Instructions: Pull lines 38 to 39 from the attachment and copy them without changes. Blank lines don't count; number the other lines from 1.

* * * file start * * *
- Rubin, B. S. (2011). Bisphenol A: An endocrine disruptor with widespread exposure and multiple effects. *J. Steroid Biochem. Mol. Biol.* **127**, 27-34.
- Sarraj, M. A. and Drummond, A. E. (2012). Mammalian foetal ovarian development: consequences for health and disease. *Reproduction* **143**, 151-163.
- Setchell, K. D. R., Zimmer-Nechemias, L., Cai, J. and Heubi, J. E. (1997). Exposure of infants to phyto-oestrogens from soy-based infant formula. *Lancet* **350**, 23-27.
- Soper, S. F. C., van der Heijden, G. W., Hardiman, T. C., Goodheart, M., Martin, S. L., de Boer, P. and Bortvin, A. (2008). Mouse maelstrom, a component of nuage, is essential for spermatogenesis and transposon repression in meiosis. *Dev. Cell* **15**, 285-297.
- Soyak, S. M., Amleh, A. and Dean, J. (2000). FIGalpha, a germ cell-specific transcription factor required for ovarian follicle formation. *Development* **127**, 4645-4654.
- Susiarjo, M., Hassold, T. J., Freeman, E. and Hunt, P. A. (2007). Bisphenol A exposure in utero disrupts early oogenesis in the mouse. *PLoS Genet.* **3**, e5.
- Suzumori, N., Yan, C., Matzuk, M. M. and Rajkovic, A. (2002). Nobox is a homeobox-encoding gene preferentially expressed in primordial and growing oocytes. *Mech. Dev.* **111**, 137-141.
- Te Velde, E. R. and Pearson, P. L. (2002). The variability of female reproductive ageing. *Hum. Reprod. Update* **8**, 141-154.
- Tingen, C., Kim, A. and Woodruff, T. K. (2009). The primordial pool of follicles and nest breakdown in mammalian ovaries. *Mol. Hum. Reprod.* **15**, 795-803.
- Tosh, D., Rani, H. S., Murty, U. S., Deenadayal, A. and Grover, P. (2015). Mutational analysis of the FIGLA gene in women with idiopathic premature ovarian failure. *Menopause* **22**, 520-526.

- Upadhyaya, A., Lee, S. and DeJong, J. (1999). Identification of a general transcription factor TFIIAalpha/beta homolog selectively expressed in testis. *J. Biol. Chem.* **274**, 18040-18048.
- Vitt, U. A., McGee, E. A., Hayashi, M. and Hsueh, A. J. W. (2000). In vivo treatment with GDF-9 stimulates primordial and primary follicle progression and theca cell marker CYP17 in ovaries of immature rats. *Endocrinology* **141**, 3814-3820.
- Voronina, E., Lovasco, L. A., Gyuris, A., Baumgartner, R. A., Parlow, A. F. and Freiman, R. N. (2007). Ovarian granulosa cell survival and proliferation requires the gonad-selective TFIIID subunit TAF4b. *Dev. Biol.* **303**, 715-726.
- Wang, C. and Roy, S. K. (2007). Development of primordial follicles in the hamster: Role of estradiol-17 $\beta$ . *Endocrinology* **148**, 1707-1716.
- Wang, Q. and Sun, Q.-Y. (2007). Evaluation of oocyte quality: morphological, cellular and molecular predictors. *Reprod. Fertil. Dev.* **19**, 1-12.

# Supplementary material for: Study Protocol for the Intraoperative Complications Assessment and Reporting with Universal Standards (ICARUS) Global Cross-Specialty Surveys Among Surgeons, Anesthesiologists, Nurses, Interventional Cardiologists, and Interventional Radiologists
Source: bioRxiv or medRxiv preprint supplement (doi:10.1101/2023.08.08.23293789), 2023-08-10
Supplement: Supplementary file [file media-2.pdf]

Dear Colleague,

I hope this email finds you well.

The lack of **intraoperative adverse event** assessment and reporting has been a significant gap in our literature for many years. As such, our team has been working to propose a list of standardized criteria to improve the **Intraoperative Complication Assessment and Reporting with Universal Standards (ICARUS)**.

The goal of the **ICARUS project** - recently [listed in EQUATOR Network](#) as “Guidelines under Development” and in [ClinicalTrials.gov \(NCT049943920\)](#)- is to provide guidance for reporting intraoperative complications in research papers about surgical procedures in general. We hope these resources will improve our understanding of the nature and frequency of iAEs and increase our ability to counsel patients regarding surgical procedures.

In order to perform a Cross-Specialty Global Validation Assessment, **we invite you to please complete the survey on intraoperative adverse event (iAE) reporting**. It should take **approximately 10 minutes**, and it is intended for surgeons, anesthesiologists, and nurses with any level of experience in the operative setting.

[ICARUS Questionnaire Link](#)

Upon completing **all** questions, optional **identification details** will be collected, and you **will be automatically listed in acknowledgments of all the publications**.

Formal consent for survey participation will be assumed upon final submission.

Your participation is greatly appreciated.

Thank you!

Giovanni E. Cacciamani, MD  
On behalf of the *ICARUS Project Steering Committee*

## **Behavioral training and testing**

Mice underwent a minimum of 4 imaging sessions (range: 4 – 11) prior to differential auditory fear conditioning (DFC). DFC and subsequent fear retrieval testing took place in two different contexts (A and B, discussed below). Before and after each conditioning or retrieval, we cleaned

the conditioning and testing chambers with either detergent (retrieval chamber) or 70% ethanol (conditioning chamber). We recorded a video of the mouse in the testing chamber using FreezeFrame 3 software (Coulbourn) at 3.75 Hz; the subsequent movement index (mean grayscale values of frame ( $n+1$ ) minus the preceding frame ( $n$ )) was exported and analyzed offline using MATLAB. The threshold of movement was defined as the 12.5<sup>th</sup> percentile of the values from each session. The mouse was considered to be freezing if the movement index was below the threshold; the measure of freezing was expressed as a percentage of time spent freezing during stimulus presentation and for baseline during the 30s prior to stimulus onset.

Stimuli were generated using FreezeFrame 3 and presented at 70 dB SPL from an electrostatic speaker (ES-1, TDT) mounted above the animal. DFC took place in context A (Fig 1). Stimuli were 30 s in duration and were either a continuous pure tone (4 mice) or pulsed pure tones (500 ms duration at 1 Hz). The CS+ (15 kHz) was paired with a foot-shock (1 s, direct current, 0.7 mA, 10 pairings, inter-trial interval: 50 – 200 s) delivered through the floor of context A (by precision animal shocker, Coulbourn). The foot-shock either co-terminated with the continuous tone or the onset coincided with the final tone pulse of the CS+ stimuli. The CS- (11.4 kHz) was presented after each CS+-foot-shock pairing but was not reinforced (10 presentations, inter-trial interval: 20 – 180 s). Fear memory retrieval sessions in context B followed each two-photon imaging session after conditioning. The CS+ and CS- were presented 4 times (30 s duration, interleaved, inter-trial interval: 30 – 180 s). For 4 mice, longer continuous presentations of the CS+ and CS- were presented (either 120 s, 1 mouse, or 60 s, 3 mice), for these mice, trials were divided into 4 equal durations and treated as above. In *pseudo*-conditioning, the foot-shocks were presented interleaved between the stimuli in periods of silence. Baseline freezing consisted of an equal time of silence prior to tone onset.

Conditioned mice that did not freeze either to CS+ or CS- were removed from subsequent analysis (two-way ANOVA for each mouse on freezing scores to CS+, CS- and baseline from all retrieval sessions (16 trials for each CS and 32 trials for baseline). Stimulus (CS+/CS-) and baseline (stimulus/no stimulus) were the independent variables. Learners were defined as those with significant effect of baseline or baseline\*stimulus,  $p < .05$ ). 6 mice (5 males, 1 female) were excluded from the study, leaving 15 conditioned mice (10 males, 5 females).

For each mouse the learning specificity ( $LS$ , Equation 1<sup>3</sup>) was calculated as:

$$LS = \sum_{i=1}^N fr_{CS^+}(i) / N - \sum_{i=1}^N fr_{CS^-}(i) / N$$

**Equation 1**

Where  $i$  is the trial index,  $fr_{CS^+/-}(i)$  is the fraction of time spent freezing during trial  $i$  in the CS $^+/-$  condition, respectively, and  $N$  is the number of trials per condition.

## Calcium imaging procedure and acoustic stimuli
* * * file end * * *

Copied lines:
**Equation 1**

Where  $i$  is the trial index,  $fr_{CS^+/-}(i)$  is the fraction of time spent freezing during trial  $i$  in the CS $^+/-$  condition, respectively, and  $N$  is the number of trials per condition.